Soil Organic Matter

Soil Organic Matter organic material, mainly of plant origin, from the natural flora, or animal residues added by man, and infiltrated into the surface horizons of the soil. These materials on decomposition give rise to humus. crop residues, weeds, grasses, tree leaves, worms, bacteria, fungi, actinomycetes, animal manures, municipal sewage sludge, logging and wood manufacturing refuse, industrial organic residues, and food processing residues are the main sources of organic matter. Organic matter in addition to containing elements essential for plants (17 elements for proper growth) also contains elements necessary for livestock and man. These are sodium, cobalt and iodine, which are essential for animals. Organic matter also contains traces of nickel, fluorine, gold and other elements.

In Bangladesh, alluvial deposits in depressions remain wet throughout the year, and as a result, organic matter gradually accumulates on the surface, derived from decaying aquatic vegetation or from the residues of crops such as boro rice that may be grown in such sites. This organic matter imparts a darker colour to the topsoil. In older depressions, organic matter may accumulate on the surface in the form of peat or muck. In soils that dry out seasonally, the organic matter content is related to the duration of wet conditions and to the age and use of the soils. The longer the period of seasonal flooding, the shorter the period during which rapid aerobic decomposition of organic matter can take place. In general, Bangladesh basin soils tend to contain more organic matter than associated ridge soils. Young floodplain ridge soils generally have 1% organic matter in the topsoil, so do well-aerated ridge soils on older floodplains. Older floodplain soils, except those on the highest ridges, generally have 1-2% organic matter in the surface layer, and topsoils in deep basin centres generally have 2-5%. Black Terai soils commonly have 3-6% organic matter in their thick topsoils. These older soils are believed to have formed under tall grassland or forest which provided more organic matter than do the present cultivated crops, the residues of which are often removed from the soils. The largest forests in Bangladesh such as the Madhupur Sal forest, Sundarban forest and the forested parts of the Chittagong Hill Tracts are vanishing rapidly, thereby decreasing the accumulation of organic matter in soil.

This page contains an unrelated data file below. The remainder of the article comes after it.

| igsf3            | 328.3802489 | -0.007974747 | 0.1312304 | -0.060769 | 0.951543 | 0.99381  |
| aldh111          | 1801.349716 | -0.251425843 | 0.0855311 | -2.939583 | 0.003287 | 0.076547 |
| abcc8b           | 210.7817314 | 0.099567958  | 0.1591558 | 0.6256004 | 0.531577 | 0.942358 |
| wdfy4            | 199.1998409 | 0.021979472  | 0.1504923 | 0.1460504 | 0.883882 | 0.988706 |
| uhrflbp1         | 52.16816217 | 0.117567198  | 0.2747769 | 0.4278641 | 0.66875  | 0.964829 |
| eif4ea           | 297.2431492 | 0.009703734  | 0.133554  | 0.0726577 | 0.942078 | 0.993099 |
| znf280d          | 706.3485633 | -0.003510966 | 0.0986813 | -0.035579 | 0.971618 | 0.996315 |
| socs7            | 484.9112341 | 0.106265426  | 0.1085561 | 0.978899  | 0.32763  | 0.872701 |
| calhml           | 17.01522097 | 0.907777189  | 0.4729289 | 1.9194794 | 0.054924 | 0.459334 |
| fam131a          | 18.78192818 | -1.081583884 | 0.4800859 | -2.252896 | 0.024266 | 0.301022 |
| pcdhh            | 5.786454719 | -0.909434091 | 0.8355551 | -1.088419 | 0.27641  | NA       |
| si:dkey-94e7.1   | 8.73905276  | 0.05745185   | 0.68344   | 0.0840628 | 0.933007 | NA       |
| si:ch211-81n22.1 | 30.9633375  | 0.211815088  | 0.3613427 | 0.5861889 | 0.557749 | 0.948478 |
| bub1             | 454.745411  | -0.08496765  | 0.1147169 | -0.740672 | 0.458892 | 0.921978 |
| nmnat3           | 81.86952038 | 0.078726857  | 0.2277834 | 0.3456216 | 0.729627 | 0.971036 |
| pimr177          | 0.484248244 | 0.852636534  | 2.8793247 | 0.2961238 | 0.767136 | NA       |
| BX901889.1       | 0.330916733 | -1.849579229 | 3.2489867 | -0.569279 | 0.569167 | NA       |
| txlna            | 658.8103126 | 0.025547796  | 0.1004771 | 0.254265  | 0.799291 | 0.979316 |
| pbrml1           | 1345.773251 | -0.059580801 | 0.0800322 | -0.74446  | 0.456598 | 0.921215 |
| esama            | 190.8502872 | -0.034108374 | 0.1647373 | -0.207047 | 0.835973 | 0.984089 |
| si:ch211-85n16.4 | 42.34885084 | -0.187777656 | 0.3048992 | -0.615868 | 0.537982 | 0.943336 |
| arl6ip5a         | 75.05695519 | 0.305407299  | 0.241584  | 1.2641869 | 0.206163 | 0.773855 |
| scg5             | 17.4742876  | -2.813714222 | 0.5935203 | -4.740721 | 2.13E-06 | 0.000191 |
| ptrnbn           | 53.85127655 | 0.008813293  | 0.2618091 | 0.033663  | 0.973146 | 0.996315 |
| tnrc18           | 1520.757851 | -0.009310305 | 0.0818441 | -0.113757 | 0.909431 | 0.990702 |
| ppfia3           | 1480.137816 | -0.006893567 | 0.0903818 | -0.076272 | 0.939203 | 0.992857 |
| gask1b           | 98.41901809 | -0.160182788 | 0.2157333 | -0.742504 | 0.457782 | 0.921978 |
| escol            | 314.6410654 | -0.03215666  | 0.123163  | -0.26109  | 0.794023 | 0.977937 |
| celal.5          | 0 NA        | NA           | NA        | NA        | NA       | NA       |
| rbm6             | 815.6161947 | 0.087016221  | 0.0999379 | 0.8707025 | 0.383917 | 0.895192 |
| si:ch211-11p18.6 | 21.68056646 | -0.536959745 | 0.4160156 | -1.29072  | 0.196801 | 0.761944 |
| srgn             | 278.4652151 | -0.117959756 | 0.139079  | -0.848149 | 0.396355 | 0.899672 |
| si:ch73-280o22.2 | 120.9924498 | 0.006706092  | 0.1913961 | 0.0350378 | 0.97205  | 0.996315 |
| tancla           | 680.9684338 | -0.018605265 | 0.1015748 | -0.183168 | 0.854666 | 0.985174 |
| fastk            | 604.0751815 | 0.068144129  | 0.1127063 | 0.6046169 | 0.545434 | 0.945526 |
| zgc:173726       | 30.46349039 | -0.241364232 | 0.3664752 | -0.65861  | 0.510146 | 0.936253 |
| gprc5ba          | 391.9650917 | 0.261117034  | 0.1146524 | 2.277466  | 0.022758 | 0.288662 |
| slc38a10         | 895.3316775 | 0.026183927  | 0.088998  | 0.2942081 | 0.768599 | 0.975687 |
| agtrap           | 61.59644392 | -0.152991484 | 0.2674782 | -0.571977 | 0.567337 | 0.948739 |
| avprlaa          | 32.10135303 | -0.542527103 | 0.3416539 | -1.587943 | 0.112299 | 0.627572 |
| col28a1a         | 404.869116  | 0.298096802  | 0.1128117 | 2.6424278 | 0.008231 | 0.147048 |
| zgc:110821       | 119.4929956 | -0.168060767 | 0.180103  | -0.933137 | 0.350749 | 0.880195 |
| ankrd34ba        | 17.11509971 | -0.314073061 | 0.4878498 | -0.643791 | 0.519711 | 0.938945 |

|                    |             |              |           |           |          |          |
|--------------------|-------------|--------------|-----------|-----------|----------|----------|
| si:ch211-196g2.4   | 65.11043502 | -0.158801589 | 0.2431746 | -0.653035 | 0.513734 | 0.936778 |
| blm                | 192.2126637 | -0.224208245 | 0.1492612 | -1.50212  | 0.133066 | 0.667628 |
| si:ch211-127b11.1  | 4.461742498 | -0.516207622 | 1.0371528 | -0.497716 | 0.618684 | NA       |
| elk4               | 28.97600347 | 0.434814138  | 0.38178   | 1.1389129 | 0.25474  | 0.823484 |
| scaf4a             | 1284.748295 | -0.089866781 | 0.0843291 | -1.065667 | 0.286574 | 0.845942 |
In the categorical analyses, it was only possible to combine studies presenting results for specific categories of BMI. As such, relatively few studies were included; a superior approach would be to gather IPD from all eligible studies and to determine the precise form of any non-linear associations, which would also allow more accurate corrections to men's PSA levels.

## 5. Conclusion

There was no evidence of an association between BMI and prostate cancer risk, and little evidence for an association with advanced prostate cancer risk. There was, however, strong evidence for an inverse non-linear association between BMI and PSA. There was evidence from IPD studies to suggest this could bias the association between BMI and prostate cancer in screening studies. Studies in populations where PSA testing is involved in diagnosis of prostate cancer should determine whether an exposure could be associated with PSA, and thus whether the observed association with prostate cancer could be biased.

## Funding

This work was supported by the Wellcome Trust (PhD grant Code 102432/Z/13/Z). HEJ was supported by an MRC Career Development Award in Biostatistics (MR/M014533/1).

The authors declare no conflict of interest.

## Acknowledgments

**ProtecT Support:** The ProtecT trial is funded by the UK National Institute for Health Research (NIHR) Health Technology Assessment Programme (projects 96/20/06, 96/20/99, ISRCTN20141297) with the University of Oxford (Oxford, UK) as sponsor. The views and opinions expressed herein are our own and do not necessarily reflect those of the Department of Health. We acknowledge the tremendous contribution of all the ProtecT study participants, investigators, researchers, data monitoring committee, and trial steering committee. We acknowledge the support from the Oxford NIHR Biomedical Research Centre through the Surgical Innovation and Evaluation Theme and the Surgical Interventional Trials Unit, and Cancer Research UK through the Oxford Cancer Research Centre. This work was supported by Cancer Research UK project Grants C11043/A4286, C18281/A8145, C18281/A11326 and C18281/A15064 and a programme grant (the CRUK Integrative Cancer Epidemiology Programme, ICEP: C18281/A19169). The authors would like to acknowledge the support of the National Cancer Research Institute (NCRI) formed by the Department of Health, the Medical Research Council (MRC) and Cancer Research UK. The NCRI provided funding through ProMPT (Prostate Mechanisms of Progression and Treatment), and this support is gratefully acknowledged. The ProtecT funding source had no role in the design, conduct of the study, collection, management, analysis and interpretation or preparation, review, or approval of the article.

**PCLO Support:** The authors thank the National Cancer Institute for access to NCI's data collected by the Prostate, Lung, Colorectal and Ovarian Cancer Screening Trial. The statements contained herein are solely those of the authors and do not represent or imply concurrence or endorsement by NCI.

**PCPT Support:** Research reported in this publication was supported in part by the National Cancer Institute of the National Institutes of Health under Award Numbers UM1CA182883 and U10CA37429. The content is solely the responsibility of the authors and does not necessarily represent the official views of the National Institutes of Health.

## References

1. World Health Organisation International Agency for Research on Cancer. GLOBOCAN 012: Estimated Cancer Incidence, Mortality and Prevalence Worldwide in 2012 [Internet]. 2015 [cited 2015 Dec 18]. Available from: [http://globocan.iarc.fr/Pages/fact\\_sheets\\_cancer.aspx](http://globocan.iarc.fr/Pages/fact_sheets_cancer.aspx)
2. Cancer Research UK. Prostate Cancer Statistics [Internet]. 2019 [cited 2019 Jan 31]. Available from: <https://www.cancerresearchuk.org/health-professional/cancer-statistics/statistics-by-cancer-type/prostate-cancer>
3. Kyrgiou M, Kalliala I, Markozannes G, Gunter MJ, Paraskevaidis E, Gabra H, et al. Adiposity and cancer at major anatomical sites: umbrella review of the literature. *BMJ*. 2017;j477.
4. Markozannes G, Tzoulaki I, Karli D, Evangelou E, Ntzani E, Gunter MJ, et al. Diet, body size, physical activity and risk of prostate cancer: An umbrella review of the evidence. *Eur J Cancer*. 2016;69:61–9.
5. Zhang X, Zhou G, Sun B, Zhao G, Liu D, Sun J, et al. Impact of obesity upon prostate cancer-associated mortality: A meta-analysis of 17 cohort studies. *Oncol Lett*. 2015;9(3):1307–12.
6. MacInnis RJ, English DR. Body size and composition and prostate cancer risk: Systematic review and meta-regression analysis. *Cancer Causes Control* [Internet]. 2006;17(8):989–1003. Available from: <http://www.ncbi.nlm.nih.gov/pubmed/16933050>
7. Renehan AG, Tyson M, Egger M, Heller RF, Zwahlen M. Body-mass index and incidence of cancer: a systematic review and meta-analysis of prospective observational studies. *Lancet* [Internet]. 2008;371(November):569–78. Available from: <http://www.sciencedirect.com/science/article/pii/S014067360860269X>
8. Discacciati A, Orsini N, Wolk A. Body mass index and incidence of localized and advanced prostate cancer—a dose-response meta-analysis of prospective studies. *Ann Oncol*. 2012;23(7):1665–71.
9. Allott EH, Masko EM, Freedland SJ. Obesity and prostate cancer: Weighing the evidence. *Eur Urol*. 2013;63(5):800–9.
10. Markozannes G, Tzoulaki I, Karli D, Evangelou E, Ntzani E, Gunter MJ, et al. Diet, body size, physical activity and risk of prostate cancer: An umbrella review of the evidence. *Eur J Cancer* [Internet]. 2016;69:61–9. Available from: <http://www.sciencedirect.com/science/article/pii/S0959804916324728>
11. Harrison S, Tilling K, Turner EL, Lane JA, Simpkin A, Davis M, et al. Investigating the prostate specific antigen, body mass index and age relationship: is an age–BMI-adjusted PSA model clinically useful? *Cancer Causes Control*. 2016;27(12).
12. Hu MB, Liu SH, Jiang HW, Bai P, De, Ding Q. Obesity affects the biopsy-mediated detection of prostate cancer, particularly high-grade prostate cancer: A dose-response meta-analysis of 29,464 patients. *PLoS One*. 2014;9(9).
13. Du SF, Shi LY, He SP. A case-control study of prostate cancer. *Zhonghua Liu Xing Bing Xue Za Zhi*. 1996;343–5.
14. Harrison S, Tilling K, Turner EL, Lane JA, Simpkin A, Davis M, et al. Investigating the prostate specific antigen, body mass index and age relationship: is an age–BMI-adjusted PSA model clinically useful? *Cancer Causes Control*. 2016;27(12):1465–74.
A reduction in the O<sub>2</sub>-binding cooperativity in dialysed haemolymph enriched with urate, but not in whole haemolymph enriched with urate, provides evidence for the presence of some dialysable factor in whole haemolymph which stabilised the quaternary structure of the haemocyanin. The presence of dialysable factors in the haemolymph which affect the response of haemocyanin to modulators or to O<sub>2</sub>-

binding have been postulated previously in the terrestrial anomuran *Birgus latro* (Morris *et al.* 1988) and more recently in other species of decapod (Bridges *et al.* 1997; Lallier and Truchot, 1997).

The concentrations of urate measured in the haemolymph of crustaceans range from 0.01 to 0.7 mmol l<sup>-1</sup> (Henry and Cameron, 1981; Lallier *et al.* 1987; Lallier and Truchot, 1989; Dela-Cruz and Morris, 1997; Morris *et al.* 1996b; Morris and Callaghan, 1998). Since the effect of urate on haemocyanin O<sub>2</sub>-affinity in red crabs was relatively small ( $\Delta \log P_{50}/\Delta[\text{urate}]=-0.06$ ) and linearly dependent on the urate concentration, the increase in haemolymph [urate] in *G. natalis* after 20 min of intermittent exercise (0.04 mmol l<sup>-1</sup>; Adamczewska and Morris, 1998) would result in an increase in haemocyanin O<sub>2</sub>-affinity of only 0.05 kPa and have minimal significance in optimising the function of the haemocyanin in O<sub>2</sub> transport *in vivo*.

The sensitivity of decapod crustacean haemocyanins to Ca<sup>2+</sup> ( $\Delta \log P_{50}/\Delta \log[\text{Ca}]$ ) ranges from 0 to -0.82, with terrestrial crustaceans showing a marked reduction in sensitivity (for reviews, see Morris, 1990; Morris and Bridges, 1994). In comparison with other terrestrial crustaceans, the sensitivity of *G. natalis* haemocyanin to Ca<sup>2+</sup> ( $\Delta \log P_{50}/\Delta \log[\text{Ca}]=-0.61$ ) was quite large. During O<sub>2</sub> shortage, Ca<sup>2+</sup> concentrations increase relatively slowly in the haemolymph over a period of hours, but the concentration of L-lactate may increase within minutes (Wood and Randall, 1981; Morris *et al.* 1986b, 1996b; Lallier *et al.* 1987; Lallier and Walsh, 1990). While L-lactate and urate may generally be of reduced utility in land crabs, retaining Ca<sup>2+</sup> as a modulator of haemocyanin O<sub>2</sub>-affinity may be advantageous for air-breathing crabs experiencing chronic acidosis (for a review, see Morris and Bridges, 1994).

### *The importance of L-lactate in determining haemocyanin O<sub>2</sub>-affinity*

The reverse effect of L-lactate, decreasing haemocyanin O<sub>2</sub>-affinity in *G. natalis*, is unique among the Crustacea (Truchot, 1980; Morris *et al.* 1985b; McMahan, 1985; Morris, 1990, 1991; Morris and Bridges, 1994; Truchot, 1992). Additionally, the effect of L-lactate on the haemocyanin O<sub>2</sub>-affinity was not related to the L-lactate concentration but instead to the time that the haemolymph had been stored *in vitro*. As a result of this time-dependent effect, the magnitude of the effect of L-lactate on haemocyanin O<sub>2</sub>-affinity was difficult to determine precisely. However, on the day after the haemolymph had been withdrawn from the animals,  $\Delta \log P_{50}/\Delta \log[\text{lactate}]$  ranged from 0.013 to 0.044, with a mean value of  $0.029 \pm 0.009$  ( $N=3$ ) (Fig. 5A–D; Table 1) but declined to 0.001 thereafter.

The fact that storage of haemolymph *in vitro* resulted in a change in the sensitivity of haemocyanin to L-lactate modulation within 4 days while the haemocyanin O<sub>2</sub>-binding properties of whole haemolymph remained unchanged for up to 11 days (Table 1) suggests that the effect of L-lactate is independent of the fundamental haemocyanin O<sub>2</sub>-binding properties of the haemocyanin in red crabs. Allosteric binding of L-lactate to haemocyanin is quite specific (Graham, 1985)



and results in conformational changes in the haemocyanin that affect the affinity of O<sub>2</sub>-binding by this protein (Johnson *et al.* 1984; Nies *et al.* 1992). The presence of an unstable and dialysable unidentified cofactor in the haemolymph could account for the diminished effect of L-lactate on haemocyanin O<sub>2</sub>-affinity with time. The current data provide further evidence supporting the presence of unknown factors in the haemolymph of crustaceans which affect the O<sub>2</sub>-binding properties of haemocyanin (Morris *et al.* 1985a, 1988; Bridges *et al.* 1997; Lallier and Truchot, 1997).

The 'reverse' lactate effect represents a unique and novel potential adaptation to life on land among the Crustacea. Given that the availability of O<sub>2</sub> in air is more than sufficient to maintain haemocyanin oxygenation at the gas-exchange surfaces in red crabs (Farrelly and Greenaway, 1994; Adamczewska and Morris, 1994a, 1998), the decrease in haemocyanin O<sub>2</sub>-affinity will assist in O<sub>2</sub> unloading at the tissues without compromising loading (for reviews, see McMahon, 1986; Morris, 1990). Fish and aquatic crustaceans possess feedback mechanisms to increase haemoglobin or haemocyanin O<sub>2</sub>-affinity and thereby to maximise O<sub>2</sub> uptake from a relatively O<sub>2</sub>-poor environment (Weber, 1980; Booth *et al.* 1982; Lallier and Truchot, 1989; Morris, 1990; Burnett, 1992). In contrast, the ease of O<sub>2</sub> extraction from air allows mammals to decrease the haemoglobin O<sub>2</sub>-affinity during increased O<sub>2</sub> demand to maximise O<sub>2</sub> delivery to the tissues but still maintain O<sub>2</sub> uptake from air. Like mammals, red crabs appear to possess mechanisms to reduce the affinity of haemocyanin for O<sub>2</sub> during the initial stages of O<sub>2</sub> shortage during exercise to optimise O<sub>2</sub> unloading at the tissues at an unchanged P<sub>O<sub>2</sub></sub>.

Available reports indicate that most soils of Bangladesh have a low organic matter content. About 70% of the net cultivable area in high and medium-high lands have a soil organic matter content of less than 2%. This low organic matter content is considered one of the main reasons for the low productivity of many of our soils. The positive roles of residues, including green manure on soils and crops have been well documented. In most instances, crop residues should be left on or returned to the soil. This general guide takes advantage of the benefits of organic matter in soil, its aggregation of soil particles, its improvement of water infiltration and aeration, its reservoir of plant nutrients, and its energy reservoir for microorganisms.

Generally, organic matter content of 3-8% or higher in the soil improves plant growth, but to a farmer, the bottom line of what is a good level of organic matter concentration bears on cost and convenience. The need for proper soil organic matter management should be emphasised in view of the low organic matter content of most soils in Bangladesh. [Md Khalilur Rahman]